Friday, September 20, 2013

Liberal v. Conservative media

Your assigned newspaper
The University of Michigan guide lists ten publications in each camp (coming soon!)

Open an EasyBib bibliography:
Instructions follow. Please follow all the steps before proceeding. When using an iPad, you MUST access EasyBib from the Google Wheel on the nchslibrary.info website.





Visit your newspaper on the web. Find out what your editorials are called - editorial, commentary, letters, OP-ED. Open an editorial. Cite it in your bibliography. If you cannot find an editorial, there are a few possibilities:
    1. They may be behind a paywall, which would prompt you to subscribe. In this case, scroll down to the databases icon and follow instructions there to locate editorials using the Connecticut Newspapers database. 
    2. They may not be identified as editorials. In this case, look for letters to the editor that respond to editorials, then locate the original editorials through keyword searching.
Watch the following tutorial if you are having trouble finding editorials.



If you watched the tutorial, tried toggling between database and free online content, and you STILL can't find editorials, text the link to your publication to the library at (615) 669 6670, and write your name in the body of the text. You can expect a phone call back.

Colin was having a lot of trouble finding editorials in the Southington Citizen. The publication keeps their editorial content behind a pay wall, so you cannot access it without subscribing to the newspaper. You guys don't have to do that because we have a databases subscription - Connecticut Newspapers - that gives you access to each publication. The tricky part is crafting a search strategy that enables you to find what you need - easier said than done. Colin wisely followed instructions and texted the library his name and the link to the publication. Here is the is the library's response:


Been chatting with a few students who are struggling with this. Even though the map below is out of date, and it does not reflect votes cast across third party lines, chances are it is fairly representative of the political leanings among communities across the state. It is important to note that smaller local papers do not necessarily benefit from voicing their political views - certainly not in comparison to major national publications like the New York Times or the Wall Street Journal where it can help boost circulation.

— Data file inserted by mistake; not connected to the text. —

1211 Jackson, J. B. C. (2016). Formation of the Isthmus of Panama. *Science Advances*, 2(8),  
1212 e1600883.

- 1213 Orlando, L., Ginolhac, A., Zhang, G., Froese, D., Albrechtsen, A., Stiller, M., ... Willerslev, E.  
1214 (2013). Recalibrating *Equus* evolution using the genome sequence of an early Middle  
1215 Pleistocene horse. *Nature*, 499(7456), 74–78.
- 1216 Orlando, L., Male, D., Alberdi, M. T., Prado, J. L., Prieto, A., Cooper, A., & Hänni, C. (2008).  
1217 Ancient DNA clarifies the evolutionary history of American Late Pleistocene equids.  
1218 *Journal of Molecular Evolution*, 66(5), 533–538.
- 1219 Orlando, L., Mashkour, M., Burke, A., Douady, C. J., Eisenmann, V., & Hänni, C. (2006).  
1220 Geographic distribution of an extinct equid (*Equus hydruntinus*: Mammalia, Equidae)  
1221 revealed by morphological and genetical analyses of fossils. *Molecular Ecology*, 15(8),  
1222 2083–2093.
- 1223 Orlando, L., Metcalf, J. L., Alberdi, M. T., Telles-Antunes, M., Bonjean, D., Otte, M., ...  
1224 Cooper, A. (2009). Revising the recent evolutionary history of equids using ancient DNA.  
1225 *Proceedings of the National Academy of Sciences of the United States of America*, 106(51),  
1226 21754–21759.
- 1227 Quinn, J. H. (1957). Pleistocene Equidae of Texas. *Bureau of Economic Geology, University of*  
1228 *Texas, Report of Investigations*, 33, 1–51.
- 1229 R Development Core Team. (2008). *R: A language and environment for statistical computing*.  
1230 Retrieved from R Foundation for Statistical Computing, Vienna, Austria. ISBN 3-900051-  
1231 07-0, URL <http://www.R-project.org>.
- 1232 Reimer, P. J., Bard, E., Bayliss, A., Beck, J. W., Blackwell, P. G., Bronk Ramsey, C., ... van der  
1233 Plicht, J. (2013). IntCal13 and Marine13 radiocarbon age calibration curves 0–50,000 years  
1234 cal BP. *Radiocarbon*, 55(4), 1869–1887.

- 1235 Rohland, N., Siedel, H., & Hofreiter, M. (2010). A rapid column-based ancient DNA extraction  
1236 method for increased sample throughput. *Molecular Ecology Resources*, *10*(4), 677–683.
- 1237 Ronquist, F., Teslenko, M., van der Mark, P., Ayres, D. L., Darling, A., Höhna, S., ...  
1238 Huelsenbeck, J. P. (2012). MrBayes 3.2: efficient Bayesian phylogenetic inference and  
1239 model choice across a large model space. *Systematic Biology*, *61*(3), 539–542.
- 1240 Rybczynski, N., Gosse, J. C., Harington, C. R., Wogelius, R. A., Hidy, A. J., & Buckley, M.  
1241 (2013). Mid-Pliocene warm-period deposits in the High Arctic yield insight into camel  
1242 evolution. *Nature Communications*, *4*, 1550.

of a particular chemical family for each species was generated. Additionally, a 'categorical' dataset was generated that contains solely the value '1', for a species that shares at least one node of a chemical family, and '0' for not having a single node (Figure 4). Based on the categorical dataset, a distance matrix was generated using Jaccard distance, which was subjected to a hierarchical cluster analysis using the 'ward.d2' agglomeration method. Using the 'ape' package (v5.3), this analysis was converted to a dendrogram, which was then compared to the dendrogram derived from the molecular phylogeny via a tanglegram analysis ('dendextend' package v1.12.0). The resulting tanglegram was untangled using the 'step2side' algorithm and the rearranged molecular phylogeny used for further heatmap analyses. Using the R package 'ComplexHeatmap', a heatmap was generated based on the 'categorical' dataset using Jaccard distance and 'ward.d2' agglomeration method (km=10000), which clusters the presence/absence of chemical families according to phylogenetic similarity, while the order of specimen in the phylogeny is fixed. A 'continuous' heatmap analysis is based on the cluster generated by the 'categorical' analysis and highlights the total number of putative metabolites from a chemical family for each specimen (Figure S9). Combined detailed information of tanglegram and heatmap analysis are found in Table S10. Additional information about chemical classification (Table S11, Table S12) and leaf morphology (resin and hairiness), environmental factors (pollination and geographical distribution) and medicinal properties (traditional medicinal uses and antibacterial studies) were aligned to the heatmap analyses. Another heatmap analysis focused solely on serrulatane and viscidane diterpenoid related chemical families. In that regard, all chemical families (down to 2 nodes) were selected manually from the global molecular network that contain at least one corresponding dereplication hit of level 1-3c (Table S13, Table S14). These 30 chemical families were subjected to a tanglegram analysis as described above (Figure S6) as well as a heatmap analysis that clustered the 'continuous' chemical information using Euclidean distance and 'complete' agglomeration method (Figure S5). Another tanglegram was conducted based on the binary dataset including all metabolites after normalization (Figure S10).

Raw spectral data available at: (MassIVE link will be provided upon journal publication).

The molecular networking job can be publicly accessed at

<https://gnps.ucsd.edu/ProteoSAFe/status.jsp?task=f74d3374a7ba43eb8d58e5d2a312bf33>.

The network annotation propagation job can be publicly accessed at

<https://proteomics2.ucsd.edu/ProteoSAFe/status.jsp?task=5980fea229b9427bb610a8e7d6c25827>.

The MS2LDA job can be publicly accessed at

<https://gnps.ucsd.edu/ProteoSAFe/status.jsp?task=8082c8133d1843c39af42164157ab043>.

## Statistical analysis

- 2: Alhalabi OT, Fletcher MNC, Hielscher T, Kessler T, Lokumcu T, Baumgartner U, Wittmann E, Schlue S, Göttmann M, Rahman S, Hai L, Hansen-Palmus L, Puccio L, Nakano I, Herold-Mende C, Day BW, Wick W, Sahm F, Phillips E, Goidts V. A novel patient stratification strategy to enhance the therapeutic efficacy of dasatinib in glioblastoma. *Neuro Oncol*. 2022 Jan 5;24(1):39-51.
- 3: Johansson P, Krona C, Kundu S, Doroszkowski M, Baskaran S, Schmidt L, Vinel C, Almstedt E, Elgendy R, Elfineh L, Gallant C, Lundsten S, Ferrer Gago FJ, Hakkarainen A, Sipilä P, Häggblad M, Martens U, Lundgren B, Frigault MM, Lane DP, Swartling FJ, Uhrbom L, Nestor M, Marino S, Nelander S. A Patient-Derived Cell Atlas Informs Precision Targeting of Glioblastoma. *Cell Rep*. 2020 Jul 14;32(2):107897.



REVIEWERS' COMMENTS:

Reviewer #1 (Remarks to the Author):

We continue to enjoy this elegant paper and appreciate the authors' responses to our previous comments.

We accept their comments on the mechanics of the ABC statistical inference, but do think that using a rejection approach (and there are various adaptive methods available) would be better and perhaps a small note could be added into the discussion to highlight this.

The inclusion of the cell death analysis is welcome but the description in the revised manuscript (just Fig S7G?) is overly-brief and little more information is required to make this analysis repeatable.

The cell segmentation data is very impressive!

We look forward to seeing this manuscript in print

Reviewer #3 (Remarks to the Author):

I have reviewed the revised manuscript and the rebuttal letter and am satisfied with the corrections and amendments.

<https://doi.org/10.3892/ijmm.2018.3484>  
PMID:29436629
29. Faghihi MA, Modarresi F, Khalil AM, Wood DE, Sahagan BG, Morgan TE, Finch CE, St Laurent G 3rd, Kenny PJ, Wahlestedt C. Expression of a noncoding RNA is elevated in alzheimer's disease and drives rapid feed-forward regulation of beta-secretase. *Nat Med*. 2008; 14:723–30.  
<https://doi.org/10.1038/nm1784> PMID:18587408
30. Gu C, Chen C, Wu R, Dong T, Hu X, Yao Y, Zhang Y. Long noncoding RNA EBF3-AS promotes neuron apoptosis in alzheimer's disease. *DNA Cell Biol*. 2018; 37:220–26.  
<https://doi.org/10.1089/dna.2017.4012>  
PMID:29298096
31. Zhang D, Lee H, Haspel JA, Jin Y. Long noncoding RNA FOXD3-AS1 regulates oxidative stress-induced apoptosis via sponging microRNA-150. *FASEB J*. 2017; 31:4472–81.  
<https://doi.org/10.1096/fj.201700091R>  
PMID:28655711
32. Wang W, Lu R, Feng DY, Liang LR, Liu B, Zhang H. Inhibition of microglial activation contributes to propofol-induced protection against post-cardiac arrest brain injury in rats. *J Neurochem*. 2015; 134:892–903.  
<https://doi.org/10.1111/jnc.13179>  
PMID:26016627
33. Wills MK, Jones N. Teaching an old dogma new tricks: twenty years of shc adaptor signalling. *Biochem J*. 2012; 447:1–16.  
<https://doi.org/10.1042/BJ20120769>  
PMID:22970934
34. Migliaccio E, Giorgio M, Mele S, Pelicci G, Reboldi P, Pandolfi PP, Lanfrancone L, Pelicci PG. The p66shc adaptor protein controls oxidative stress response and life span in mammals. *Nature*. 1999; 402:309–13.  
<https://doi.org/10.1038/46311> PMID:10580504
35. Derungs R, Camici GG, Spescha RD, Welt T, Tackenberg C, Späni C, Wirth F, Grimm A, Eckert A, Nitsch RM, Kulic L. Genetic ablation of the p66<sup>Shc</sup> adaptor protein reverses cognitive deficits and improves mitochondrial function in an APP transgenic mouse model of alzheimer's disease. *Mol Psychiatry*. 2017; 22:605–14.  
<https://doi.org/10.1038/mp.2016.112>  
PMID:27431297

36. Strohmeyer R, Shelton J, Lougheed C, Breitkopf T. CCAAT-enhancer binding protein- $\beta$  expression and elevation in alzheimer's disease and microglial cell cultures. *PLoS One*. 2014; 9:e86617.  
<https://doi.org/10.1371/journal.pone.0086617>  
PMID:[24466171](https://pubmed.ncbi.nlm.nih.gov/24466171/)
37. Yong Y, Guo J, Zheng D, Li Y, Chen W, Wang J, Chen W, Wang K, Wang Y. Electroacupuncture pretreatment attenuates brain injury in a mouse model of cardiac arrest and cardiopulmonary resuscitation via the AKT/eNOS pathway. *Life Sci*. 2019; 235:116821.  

Citing an online editorial in your bibliography:

Now, create an EasyBib notecard for your article.
Here's how to use the note-card function in EasyBib. You will use this for this project
Sample notes - just an example!
Note-taking template
Note-taking rubric

  • Title: Online article from assigned publication (substitute "assigned publication" with the publication name)
  • Source: Use drop-down menu to locate teh citation you already created
  • Quote: Copy and paste words, phrases, sentences that you think point to bios, point of view, or opinion
  • Paraphrase: Summarize this editorial - this doesn't have to be long
  • Comment: Explain what position, viewpoint, or bias you recognize in your article. Refer to the quotes in the "quotes" field and explain why you think they suggest bias. Use evidence from the article itself to substantiate your claim. Pay attention to author craft, vocabulary choice, use of superlatives (always, never, all), and how the author(s) refer to people (e.g., Mr. Doctor, first name, last name only with no title, etc.)
  • Identifier: leave blank. This is for page number. It is relevant for books, not website articles.
  • Group: Don't worry about this yet.
  • Tag: You know how these work. The topic might be a good idea, the publication name, and its position (i.e., liberal or conservative)